Radical Proposal: Replace 40-hour Work Week With One "Men In Black" Inspired 37-Hour Day

A man in a suit screaming with a 37-hour "Men in Black" inspired clock next to him in a night-filled background.

CAMBRIDGE, MA — Dr. Eustace P. Featherington, a renowned time-management specialist and professor of Advanced Temporal Studies at the exceedingly pretentious and respected Ivy Vine University, has an unconventional proposal to alleviate the ever-present work-week fatigue.

He suggests we dump the 5-day work week model and instead adopt Centurion Time from the sci-fi film "Men in Black." In this proposed model, employees would complete their entire work week in one nonstop, no-breaks, 37-hour shift.

"Look, we all complain about not having enough time," said Dr. Featherington, as he adjusted his mustache. "Why not make our days longer?"

The Ivy Vine University professor elaborated, "According to Centurion Time, a day lasts 37 hours. By working nonstop for one whole 'day,' we could easily complete the traditional 40-hour work week and still have 3 hours left for…whatever it is workers do in their spare time."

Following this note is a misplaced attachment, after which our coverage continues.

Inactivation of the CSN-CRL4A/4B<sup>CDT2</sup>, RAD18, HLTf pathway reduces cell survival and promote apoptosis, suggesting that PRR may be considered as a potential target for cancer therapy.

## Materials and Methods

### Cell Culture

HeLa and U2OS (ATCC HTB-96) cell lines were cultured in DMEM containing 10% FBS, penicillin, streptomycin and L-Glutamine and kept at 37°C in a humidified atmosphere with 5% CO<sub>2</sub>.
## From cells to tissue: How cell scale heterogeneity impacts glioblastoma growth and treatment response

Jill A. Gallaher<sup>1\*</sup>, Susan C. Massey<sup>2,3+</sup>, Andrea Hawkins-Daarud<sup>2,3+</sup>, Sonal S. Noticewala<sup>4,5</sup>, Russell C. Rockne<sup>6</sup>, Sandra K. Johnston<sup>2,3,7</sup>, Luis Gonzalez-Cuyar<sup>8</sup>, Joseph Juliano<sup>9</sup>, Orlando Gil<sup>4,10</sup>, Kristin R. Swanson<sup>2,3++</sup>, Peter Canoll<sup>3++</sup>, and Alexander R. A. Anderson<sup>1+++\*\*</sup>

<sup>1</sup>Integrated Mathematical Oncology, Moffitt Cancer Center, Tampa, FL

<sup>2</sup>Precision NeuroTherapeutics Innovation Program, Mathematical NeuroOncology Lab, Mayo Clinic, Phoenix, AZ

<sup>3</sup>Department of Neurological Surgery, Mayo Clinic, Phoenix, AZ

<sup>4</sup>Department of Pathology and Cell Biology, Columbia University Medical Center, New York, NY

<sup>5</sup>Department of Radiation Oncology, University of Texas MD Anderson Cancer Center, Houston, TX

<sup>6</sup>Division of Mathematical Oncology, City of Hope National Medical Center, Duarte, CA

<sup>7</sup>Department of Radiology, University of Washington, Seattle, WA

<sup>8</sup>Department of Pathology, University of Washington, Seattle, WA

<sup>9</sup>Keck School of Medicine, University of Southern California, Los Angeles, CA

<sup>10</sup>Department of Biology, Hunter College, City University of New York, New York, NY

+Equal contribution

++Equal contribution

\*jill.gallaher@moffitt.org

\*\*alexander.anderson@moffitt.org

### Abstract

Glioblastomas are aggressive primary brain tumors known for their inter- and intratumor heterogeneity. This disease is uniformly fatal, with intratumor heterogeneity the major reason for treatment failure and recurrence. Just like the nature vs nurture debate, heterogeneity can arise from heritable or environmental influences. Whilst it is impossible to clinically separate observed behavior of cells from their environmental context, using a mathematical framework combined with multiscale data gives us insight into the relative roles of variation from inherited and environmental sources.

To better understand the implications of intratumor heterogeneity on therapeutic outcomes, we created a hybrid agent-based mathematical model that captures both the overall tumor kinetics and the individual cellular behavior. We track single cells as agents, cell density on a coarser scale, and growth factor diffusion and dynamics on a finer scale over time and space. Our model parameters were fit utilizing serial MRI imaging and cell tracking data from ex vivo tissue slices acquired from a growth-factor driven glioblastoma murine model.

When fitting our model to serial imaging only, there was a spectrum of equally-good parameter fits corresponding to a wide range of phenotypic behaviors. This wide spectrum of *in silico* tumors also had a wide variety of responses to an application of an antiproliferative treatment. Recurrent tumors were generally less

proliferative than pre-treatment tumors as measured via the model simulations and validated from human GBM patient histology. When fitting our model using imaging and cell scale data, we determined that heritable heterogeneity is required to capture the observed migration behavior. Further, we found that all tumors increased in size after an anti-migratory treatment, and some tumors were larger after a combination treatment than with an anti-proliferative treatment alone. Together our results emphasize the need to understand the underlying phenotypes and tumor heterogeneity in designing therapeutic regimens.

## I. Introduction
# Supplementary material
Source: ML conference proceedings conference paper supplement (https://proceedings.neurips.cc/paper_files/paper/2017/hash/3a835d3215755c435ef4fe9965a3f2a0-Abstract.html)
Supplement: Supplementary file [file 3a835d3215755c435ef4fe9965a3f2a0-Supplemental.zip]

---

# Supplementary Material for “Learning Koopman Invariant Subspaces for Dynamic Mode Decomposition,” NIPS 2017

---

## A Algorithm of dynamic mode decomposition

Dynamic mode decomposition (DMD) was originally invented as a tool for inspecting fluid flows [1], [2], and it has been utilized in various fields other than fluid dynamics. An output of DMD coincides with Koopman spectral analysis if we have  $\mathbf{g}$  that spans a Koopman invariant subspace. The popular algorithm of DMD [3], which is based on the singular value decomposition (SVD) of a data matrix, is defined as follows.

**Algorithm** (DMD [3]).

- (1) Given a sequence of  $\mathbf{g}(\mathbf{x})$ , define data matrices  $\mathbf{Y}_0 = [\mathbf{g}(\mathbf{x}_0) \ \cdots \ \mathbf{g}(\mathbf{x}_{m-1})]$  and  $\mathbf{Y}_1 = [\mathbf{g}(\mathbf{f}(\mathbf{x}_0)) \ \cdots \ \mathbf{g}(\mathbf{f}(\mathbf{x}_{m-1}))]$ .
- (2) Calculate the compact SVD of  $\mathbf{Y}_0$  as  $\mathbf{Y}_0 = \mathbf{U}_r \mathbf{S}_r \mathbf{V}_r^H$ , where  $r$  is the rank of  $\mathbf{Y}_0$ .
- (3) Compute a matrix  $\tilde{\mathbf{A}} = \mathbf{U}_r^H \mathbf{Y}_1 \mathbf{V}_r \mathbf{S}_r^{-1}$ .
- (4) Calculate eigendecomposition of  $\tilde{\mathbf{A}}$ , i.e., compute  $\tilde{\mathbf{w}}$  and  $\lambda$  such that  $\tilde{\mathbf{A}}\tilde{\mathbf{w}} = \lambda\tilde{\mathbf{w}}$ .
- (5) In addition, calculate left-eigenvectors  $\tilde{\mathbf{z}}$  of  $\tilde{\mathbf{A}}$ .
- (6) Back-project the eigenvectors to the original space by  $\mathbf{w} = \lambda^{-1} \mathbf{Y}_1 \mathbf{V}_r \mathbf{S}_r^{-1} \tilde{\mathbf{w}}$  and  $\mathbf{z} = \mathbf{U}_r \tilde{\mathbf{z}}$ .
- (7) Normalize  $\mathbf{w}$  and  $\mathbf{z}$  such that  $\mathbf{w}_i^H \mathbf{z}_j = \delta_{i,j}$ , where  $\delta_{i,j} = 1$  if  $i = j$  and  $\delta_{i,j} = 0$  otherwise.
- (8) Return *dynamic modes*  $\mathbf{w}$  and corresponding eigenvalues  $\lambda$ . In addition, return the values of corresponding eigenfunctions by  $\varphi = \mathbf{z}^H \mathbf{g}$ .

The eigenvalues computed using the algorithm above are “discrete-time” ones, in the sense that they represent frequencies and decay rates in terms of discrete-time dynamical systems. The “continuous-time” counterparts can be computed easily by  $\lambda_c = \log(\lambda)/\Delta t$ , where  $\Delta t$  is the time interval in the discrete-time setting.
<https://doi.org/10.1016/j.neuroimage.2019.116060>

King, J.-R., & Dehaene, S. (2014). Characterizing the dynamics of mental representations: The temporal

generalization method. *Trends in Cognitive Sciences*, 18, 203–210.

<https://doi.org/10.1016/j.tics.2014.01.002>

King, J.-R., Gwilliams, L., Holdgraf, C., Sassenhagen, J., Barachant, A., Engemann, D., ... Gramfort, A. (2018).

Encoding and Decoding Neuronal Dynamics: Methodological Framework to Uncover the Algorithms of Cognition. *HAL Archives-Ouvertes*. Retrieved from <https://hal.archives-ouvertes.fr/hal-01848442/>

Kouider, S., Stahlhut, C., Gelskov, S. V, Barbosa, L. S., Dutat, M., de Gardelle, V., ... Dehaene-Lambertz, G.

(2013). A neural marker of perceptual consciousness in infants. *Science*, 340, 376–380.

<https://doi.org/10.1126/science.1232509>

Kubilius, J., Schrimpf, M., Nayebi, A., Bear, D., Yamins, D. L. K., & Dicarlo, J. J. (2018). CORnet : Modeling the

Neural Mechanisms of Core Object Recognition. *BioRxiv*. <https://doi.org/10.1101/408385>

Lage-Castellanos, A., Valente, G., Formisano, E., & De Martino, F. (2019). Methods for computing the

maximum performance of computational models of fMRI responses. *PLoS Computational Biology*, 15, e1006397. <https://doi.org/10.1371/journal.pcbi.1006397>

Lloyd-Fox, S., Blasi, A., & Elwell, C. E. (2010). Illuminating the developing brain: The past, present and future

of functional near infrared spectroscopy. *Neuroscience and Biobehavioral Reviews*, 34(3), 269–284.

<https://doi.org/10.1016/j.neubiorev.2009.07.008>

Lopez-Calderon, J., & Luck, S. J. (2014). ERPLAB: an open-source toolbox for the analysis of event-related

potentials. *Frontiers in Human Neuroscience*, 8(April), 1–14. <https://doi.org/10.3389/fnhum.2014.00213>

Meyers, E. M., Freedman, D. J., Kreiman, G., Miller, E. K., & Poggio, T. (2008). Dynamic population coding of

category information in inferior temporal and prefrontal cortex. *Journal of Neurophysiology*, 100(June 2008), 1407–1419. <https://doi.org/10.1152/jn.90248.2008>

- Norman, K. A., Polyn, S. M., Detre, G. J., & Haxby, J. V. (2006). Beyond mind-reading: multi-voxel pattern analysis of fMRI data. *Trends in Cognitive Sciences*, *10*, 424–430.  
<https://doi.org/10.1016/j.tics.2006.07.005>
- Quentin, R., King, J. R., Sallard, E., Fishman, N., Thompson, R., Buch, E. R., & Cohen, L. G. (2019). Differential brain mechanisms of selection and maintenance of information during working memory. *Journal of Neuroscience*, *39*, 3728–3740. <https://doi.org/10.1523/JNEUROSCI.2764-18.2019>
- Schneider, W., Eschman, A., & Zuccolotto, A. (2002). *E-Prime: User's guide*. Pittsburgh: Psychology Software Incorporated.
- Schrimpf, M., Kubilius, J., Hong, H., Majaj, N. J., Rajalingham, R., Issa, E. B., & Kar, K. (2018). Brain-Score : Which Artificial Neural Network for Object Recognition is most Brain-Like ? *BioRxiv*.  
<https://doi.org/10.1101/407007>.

In Featherington's world, weekends would be transformed into week-longs. The professor waxed poetic on the various benefits of this scheme. "Imagine the endless possibilities! You could take an actual trip around the world or start that novel you've been talking about for years," he enthused.

When questioned about the physiological impossibility of staying awake for 37 hours straight, the professor was undeterred. He proclaimed, "We can train our bodies! Look at college students during finals week or parents with a newborn. They are basically living in Centurion Time!"

Dr. Featherington's proposal has already sparked debate. Disgruntled employees inspired by the potential of a six-day weekend are in favor. Meanwhile, sleep experts are rolling their eyes so hard that they might be permanently stuck in REM.

As we wait for this radical concept to gain traction, it's safe to say that our perceptions of time might be on the verge of a paradigm shift. In the words of the ever-quotable Dr. Featherington, "Time waits for no man, but perhaps man can wait for a 37-hour day!"